Computational models are representations of systems with interrelated parts. They represent measurable (quantitative) relationships within systems and change behavior based on different inputs into variables. Computational models are particularly useful for understanding and exploring systems that can’t be observed because of size, time, or visibility.

We have identified the following three sub-practices of understanding systems with computational models:

**Using and Modifying Computational Models to Explore a Driving Question**: Students use a computational model to explore a driving question by testing different inputs.**Creating Computational Models**: Students create a computational model depicting relationships between key components of a system.**Assessing Computational Models**: Students compare a computational model to a real-world system to analyze the overall accuracy of the model.

Explore the resources below to consider how to integrate computational models in your classroom.

Our teacher partner from Vancouver Public Schools helped students to use, modify, and create computational models to explore scientific phenomena in her middle school science class.

“I always have students create 1-3 ‘I wonder’ questions related to the topic we are discussing. Then they explore a computational model to test out their questions. That was the number one component that engaged kids. Several students from my class chose to create a model on alternative energy sources. One student created a windmill. He changed the number of blades, wind direction and speed of the wind, which all affected how it worked.” – Teacher, Vancouver Public Schools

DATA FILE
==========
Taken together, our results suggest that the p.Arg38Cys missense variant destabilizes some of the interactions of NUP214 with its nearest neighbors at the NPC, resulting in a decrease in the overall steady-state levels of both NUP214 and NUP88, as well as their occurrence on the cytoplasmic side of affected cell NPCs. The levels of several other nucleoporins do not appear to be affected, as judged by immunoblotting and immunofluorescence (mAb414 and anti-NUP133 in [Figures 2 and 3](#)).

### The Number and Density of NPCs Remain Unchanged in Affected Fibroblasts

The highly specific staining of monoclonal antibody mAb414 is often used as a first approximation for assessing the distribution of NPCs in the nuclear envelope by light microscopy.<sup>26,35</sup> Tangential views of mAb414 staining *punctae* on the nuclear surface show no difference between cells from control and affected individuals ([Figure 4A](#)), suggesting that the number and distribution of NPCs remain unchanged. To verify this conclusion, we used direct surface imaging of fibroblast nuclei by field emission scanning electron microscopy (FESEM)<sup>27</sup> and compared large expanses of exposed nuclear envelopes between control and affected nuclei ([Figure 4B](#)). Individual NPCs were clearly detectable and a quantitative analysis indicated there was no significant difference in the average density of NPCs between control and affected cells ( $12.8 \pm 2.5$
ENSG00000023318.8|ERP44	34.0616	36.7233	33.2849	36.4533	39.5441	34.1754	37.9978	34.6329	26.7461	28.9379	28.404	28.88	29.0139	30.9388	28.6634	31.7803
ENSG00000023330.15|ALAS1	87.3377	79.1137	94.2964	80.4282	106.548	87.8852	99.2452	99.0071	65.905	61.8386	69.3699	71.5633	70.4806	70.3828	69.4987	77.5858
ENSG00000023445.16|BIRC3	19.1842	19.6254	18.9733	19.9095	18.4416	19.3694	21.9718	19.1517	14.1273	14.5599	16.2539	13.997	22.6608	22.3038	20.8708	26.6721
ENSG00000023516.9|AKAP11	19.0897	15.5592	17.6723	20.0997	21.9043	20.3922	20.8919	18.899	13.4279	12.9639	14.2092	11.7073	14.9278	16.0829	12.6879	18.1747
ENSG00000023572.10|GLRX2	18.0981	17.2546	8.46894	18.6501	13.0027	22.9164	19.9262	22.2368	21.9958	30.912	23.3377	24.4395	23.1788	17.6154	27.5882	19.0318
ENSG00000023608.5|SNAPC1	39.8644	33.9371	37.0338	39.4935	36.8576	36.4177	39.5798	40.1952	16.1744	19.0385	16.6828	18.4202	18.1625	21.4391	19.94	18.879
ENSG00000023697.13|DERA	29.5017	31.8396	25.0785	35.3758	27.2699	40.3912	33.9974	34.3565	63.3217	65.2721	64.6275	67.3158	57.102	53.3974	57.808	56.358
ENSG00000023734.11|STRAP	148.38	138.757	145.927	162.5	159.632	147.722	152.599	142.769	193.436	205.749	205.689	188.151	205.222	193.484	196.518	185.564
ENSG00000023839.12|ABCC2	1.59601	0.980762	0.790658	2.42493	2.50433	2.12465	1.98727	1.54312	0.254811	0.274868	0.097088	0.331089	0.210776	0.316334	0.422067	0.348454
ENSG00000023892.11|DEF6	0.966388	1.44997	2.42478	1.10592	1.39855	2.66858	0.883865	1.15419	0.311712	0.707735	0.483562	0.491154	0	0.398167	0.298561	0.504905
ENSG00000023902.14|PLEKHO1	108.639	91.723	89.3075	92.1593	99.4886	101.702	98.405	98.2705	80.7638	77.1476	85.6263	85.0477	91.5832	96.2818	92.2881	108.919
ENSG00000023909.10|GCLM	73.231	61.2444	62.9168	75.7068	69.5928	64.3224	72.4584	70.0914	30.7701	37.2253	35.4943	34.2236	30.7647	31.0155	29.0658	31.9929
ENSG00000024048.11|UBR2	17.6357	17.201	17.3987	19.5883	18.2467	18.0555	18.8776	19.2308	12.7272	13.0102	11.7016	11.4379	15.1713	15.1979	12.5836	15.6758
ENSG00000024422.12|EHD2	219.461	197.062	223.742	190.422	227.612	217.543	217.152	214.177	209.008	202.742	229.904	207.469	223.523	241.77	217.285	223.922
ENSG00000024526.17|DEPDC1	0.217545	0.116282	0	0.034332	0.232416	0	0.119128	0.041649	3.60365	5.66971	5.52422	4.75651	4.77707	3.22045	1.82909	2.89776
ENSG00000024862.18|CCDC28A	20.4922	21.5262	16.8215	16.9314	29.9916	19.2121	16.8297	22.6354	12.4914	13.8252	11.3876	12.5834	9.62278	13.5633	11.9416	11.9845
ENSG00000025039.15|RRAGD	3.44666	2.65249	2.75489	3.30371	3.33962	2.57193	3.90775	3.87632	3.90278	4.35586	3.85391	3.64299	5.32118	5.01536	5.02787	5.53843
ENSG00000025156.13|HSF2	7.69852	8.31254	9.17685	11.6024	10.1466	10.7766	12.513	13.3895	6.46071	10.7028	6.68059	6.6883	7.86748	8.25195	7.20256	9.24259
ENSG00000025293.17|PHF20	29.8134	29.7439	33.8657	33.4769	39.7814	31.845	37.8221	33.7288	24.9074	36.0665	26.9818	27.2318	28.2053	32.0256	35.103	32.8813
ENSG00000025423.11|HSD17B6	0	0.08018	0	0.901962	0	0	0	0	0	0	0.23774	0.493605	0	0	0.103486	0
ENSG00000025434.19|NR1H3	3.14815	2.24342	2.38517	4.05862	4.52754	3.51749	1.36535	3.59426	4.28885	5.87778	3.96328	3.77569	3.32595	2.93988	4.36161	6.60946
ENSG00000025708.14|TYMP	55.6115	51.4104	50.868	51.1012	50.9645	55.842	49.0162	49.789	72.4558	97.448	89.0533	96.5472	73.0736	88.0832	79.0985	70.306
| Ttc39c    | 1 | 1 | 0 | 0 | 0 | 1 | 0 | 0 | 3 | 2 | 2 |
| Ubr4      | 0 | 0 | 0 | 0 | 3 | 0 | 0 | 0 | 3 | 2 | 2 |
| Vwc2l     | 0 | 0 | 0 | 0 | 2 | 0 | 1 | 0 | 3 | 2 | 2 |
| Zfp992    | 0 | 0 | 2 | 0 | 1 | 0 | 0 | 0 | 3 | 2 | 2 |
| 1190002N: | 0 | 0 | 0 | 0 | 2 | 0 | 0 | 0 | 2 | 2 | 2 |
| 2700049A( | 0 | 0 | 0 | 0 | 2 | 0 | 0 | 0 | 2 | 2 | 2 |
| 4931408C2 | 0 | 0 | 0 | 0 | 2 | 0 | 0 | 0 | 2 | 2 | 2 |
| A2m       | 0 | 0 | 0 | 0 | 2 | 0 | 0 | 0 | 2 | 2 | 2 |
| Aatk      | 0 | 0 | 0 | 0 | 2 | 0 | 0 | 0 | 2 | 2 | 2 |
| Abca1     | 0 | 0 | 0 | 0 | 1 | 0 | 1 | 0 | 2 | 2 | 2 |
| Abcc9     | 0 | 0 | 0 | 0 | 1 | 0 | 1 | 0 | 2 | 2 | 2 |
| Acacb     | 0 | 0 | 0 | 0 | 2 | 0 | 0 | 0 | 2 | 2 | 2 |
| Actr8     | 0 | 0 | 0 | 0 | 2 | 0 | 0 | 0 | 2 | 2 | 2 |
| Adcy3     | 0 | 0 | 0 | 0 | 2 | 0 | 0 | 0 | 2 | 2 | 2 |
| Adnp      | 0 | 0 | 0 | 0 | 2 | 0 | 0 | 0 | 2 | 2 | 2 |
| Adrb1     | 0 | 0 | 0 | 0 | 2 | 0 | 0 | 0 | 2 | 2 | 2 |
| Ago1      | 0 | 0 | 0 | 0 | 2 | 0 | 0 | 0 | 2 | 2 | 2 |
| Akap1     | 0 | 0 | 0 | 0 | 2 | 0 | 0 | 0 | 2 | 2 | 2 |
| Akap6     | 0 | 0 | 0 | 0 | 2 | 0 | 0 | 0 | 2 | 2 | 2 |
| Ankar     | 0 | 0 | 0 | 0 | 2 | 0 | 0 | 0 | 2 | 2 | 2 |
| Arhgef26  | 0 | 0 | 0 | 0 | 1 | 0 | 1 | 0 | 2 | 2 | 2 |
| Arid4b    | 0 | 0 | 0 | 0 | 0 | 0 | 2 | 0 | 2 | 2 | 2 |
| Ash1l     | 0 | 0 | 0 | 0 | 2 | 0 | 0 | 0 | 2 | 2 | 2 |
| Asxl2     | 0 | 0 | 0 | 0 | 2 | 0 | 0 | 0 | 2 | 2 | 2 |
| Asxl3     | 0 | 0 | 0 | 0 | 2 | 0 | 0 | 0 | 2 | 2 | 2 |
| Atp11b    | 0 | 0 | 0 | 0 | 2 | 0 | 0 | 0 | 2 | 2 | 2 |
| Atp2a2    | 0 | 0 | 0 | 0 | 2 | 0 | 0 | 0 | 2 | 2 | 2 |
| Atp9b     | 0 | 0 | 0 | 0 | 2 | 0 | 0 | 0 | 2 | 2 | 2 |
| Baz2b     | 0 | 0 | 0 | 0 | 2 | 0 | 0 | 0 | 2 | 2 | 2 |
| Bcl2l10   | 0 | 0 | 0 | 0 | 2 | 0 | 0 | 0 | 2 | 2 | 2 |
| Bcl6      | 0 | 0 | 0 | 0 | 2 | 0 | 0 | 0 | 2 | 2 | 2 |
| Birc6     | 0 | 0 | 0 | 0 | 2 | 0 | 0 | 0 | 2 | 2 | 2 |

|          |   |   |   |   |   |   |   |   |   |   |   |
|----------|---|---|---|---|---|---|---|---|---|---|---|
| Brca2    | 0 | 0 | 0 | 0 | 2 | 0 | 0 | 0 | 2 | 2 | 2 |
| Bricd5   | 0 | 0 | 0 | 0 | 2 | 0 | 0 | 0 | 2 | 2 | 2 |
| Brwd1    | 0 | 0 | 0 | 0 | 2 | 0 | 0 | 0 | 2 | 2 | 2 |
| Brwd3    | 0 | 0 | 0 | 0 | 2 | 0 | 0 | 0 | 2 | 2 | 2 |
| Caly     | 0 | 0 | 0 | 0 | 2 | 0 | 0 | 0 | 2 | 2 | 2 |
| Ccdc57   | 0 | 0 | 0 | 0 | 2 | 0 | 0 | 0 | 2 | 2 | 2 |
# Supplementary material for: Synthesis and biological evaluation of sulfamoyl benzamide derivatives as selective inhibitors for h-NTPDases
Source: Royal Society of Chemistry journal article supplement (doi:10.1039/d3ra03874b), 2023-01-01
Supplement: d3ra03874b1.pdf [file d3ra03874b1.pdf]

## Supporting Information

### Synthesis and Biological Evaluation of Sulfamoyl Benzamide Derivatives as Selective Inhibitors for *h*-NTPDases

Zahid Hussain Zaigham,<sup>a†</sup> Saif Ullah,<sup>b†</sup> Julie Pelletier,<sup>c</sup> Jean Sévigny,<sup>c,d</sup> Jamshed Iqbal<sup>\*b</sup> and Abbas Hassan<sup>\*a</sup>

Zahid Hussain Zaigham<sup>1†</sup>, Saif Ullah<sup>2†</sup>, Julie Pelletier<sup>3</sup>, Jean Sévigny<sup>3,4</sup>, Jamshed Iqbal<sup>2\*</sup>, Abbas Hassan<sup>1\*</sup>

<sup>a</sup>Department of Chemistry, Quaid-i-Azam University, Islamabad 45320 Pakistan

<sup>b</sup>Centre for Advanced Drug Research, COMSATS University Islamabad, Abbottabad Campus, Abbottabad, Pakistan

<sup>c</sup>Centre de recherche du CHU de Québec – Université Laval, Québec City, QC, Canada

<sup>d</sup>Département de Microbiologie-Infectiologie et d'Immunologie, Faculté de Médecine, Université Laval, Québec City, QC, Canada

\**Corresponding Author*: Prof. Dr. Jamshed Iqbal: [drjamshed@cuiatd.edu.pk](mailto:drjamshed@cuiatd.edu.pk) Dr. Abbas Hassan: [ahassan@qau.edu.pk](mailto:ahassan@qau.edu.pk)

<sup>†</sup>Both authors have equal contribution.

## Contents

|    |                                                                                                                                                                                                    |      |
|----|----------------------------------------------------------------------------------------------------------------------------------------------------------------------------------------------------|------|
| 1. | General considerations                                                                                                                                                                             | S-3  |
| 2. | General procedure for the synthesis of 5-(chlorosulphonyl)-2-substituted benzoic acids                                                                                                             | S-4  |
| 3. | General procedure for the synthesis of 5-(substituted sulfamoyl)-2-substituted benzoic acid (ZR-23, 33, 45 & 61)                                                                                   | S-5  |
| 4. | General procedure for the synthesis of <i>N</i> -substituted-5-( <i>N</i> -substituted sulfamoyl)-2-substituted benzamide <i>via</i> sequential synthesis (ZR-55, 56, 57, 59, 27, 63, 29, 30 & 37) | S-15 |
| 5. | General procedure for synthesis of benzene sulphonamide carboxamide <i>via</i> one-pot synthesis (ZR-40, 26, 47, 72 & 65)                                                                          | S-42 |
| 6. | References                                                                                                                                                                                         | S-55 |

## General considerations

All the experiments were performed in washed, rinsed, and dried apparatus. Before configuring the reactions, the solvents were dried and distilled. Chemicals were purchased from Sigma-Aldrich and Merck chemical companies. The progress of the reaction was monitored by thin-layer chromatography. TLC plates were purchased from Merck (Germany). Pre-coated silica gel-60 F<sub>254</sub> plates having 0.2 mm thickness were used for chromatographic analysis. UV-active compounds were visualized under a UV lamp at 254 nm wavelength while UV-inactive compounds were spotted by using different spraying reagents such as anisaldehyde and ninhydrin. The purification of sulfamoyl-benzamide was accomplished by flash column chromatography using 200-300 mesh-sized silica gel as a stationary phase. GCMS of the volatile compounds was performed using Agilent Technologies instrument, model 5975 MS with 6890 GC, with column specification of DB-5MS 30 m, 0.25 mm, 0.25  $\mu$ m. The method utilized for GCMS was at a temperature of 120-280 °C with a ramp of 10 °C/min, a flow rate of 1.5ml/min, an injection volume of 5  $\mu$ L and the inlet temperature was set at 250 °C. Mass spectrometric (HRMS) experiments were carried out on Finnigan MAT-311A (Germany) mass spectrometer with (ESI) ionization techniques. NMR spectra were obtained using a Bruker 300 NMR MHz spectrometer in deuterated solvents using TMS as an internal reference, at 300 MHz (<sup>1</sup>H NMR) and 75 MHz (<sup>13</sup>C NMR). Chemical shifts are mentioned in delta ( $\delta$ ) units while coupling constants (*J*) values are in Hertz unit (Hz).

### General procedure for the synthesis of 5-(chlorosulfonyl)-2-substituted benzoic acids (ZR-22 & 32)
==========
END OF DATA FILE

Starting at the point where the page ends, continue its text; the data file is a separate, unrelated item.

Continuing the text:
Teachers will know students are understanding systems with computational models because they may observe the following student actions:

**Using and Modifying Computational Models to Explore a Driving Question**

- Identifying a question to explore using a computational model
- Setting up multiple and different scenarios to collect data from a computational model
- Making predictions about how the model will behave with different inputs

**Creating Computational Models**

- Identifying different parts of the system that the model is representing
- Defining relationships between different parts of a system
- Automating relationships between parts of the system with a flowchart or programming/modeling software

**Assessing Computational Models**

- Considering how the model represents the real-world system
- Considering bias in the outputs of a computational model

Ask students to engage in understanding systems with computational models and/or reflect on their process or progress with these prompting questions:

Explore examples of middle school science activities integrated with computational thinking practices. Although the examples are topic-specific, templates are available for you to design opportunities in different topics or contexts.

The following rubrics outline components of understanding systems with computational models that can be utilized to assess student work.

Explore this curated list of supports to implement, explore, and promote computational thinking practices in your classroom.

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